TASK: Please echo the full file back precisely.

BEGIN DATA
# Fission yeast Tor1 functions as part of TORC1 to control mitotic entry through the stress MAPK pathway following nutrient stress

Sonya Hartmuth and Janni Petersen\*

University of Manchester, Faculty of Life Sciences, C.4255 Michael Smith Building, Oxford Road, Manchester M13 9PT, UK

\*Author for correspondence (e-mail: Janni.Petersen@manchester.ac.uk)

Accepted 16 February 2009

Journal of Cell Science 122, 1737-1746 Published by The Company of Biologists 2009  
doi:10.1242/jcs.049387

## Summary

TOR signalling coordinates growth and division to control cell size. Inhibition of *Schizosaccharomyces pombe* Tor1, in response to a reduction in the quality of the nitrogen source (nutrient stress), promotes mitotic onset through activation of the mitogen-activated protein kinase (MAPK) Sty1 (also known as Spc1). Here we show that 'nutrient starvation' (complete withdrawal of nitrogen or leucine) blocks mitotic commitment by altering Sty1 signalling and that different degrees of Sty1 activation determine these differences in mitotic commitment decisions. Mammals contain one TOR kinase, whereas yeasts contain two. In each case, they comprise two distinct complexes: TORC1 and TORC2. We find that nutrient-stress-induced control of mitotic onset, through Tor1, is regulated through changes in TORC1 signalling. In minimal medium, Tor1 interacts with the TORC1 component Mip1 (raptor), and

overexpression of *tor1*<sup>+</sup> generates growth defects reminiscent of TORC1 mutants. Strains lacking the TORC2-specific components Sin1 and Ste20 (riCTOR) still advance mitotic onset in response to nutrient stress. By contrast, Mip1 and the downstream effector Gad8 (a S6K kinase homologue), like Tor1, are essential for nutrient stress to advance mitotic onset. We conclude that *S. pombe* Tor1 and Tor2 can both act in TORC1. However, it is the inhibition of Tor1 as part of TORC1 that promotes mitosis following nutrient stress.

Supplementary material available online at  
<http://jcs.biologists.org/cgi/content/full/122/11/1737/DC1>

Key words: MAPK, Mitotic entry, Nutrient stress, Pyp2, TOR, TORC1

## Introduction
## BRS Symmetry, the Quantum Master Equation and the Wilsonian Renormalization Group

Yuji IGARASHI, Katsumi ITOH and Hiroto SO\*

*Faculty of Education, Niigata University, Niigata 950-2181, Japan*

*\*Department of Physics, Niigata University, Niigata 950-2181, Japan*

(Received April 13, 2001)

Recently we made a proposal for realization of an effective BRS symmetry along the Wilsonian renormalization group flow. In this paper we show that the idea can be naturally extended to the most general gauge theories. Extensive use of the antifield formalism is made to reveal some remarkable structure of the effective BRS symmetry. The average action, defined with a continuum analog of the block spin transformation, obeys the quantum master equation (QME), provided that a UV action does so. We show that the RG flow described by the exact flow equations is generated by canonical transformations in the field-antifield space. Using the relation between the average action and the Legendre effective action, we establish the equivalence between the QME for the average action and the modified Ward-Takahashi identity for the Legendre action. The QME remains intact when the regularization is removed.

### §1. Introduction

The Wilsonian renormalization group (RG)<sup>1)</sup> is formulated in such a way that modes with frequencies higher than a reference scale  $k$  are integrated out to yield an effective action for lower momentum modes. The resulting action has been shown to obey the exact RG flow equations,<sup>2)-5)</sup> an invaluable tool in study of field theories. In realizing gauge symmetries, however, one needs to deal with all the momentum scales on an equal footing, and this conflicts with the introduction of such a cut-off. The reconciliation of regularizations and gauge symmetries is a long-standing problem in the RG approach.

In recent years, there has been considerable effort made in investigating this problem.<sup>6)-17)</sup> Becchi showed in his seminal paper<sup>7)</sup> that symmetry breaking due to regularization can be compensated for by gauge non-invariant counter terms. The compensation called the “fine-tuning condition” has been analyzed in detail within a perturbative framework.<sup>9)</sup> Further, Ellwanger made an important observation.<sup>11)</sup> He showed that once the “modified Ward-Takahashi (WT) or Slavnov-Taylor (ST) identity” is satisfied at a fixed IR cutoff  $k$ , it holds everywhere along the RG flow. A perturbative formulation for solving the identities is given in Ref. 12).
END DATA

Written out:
# Fission yeast Tor1 functions as part of TORC1 to control mitotic entry through the stress MAPK pathway following nutrient stress

Sonya Hartmuth and Janni Petersen\*

University of Manchester, Faculty of Life Sciences, C.4255 Michael Smith Building, Oxford Road, Manchester M13 9PT, UK

\*Author for correspondence (e-mail: Janni.Petersen@manchester.ac.uk)

Accepted 16 February 2009

Journal of Cell Science 122, 1737-1746 Published by The Company of Biologists 2009  
doi:10.1242/jcs.049387

## Summary

TOR signalling coordinates growth and division to control cell size. Inhibition of *Schizosaccharomyces pombe* Tor1, in response to a reduction in the quality of the nitrogen source (nutrient stress), promotes mitotic onset through activation of the mitogen-activated protein kinase (MAPK) Sty1 (also known as Spc1). Here we show that 'nutrient starvation' (complete withdrawal of nitrogen or leucine) blocks mitotic commitment by altering Sty1 signalling and that different degrees of Sty1 activation determine these differences in mitotic commitment decisions. Mammals contain one TOR kinase, whereas yeasts contain two. In each case, they comprise two distinct complexes: TORC1 and TORC2. We find that nutrient-stress-induced control of mitotic onset, through Tor1, is regulated through changes in TORC1 signalling. In minimal medium, Tor1 interacts with the TORC1 component Mip1 (raptor), and

overexpression of *tor1*<sup>+</sup> generates growth defects reminiscent of TORC1 mutants. Strains lacking the TORC2-specific components Sin1 and Ste20 (riCTOR) still advance mitotic onset in response to nutrient stress. By contrast, Mip1 and the downstream effector Gad8 (a S6K kinase homologue), like Tor1, are essential for nutrient stress to advance mitotic onset. We conclude that *S. pombe* Tor1 and Tor2 can both act in TORC1. However, it is the inhibition of Tor1 as part of TORC1 that promotes mitosis following nutrient stress.

Supplementary material available online at  
<http://jcs.biologists.org/cgi/content/full/122/11/1737/DC1>

Key words: MAPK, Mitotic entry, Nutrient stress, Pyp2, TOR, TORC1

## Introduction
## BRS Symmetry, the Quantum Master Equation and the Wilsonian Renormalization Group

Yuji IGARASHI, Katsumi ITOH and Hiroto SO\*

*Faculty of Education, Niigata University, Niigata 950-2181, Japan*

*\*Department of Physics, Niigata University, Niigata 950-2181, Japan*

(Received April 13, 2001)

Recently we made a proposal for realization of an effective BRS symmetry along the Wilsonian renormalization group flow. In this paper we show that the idea can be naturally extended to the most general gauge theories. Extensive use of the antifield formalism is made to reveal some remarkable structure of the effective BRS symmetry. The average action, defined with a continuum analog of the block spin transformation, obeys the quantum master equation (QME), provided that a UV action does so. We show that the RG flow described by the exact flow equations is generated by canonical transformations in the field-antifield space. Using the relation between the average action and the Legendre effective action, we establish the equivalence between the QME for the average action and the modified Ward-Takahashi identity for the Legendre action. The QME remains intact when the regularization is removed.

### §1. Introduction

The Wilsonian renormalization group (RG)<sup>1)</sup> is formulated in such a way that modes with frequencies higher than a reference scale  $k$  are integrated out to yield an effective action for lower momentum modes. The resulting action has been shown to obey the exact RG flow equations,<sup>2)-5)</sup> an invaluable tool in study of field theories. In realizing gauge symmetries, however, one needs to deal with all the momentum scales on an equal footing, and this conflicts with the introduction of such a cut-off. The reconciliation of regularizations and gauge symmetries is a long-standing problem in the RG approach.

In recent years, there has been considerable effort made in investigating this problem.<sup>6)-17)</sup> Becchi showed in his seminal paper<sup>7)</sup> that symmetry breaking due to regularization can be compensated for by gauge non-invariant counter terms. The compensation called the “fine-tuning condition” has been analyzed in detail within a perturbative framework.<sup>9)</sup> Further, Ellwanger made an important observation.<sup>11)</sup> He showed that once the “modified Ward-Takahashi (WT) or Slavnov-Taylor (ST) identity” is satisfied at a fixed IR cutoff  $k$ , it holds everywhere along the RG flow. A perturbative formulation for solving the identities is given in Ref. 12).